VT Coughtrey

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Chapter 1: Family Background
Up to 1942, when I was born
Chapter written 1998 & last revised 2013

See Surname Database for a fairly convincing account of the origins of the name 'Coughtrey'.

It looks as though Agnes St, Silvertown no longer exists.  It may have been destroyed by bombing.
The name ’Coughtrey’ is an unusual one. It is probably Celtic in origin, but there have been Coughtreys in the county of Buckingham (mainly in the Chesham area) for at least 300 years, usually engaged in the shoemaking trade (the men) and basket weaving (mainly the women).  My paternal grandfather Alf moved from Chesham to Silvertown in the London Docklands in about 1892. For a while, he lived at 39 Agnes Street with several sons from his first marriage, but it is not clear when his first wife died There is no mention of her in the 1901 census. However, Maria Sturt, destined to be my paternal grandmother, is listed at the same address, described as the housekeeper.  I'm not sure how soon after that my grandfather married her, but he eventually had several sons and a daughter by her.  He worked as a lift operator in the Blackwall tunnel (the first electrically operated lift in England, he always said).
Constance St, Silvertown still exists in name but it looks from the Google satellite pic as if all the original houses have gone - probably bombed. Later, he opened a shoe repair shop at 63 Constance Street and moved in over the shop with all his children.  However, it seems that he somehow managed to carry on doing the lift job while running the business.  He is still called a lift operator on my parents’ marriage certificate of 1934, even though he would have been 66 by that time.  The shoe repair business was often in financial difficulty, partly because of heavy betting on the horses, and partly because of my grandfather’s charitable readiness to give credit to hopeless cases in what was then one of the poorest districts of London.  It may therefore have been the case that my grandfather had to resort to the lift job from time to time, but didn't do it continuously.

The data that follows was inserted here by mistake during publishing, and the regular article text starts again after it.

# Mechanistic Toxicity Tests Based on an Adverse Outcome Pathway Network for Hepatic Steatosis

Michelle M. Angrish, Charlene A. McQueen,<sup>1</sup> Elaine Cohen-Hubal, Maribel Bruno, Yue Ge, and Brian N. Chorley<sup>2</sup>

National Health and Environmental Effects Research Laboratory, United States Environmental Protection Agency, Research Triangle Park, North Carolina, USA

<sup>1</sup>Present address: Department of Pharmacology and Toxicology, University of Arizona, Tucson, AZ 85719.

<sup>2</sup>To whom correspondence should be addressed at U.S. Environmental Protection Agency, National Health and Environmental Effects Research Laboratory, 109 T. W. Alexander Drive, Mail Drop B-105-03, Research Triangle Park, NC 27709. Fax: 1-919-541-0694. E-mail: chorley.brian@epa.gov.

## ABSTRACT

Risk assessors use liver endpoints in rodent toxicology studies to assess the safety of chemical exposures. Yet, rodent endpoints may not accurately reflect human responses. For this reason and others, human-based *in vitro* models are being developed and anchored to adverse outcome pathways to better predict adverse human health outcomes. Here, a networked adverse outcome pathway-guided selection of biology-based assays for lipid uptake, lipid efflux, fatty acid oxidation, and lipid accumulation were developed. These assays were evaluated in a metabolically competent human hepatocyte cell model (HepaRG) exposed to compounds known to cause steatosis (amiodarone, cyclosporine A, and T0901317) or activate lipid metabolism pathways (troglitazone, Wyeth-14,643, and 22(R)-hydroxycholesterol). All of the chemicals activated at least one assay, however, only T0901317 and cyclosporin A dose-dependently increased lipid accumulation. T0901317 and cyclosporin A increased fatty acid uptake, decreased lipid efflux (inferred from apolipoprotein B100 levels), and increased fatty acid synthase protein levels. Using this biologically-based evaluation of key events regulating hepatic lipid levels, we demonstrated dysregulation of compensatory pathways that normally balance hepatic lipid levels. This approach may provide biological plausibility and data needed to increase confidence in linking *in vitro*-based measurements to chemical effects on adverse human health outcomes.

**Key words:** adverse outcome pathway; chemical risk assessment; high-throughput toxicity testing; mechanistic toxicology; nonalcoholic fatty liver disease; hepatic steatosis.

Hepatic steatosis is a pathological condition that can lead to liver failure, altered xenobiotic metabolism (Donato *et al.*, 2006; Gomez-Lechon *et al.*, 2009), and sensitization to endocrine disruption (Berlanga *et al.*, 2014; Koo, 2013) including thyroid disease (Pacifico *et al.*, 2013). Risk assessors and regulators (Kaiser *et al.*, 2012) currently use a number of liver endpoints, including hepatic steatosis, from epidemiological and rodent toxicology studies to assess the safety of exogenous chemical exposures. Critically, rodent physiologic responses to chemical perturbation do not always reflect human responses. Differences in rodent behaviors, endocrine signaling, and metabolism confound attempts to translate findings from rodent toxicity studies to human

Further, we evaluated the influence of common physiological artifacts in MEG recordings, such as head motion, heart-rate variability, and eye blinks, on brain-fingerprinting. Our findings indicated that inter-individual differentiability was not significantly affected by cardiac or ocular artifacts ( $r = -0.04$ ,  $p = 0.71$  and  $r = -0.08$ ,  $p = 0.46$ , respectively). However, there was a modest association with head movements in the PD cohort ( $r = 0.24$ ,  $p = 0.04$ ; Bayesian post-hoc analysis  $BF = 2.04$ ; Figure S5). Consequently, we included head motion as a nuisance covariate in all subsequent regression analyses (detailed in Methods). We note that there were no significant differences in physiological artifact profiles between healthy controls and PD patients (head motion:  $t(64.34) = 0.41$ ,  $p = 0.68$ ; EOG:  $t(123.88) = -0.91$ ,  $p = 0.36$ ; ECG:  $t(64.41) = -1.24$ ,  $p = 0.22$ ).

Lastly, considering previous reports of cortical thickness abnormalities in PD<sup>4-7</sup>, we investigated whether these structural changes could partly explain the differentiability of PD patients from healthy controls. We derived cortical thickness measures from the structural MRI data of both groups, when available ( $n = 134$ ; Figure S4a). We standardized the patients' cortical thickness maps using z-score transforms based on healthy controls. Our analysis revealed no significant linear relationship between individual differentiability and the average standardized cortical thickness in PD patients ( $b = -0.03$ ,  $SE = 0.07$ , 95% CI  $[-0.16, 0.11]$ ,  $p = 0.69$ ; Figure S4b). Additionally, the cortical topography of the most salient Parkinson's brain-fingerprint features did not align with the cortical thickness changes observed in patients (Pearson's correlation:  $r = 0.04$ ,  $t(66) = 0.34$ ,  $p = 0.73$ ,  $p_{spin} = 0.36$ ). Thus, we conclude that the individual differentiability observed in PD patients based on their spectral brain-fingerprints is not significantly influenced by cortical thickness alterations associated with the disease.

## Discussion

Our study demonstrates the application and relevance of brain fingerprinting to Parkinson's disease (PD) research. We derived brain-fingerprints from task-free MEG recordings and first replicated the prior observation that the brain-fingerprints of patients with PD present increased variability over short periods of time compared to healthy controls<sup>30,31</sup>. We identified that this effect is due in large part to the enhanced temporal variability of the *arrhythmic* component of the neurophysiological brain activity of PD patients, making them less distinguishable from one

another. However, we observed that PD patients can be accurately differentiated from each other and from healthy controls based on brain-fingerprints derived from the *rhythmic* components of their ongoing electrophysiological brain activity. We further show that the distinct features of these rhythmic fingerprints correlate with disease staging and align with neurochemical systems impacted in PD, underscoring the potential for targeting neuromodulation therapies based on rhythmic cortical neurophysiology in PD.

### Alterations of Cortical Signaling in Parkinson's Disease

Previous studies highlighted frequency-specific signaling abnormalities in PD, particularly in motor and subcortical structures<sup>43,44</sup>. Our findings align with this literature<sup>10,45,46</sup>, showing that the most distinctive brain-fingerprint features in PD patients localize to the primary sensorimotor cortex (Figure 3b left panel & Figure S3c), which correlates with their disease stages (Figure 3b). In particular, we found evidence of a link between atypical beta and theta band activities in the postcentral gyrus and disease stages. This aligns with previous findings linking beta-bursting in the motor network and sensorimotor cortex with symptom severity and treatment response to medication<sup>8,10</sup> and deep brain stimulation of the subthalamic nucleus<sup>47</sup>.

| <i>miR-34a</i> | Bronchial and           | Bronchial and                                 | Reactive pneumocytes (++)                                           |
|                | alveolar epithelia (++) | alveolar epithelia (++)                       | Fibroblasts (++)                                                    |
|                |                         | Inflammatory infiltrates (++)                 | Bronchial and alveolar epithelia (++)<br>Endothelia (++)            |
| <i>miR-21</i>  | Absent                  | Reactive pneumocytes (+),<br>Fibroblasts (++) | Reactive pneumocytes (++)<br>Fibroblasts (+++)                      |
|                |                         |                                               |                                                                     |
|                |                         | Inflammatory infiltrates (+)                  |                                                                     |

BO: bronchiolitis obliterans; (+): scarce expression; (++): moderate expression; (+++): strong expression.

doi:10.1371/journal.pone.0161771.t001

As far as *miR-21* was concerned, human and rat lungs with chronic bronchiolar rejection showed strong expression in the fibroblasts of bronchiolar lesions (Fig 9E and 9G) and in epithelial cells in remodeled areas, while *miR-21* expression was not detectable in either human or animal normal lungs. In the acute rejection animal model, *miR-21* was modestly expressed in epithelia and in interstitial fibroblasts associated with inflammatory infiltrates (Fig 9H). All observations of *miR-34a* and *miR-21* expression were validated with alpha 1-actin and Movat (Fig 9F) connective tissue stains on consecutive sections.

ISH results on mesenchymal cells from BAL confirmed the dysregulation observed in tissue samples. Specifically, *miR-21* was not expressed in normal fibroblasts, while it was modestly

Parkdale Road, Plumstead looks pretty much unchanged since the 1920s.  Number 114 last changed hands in 2003 - for £116,000. Around 1912, Maria died giving birth to his 9th or 10th child, Stanley, and in the early 1920s, he married for a third time.  His new wife was Rosa Ansett, a public lavatory attendant who used his lift every day while commuting to work in North Woolwich from her home at 114 Parkdale Road, Plumstead, just across the river.  Alf was about 55 and Rosa was approaching 50.  Her husband Reuben, a stoker, had died about ten years earlier, leaving her with two children, Grace and Frank.  Rosa, Grace and Frank moved in over the shop with the 7 boys and one girl that my grandfather had had by his two previous wives.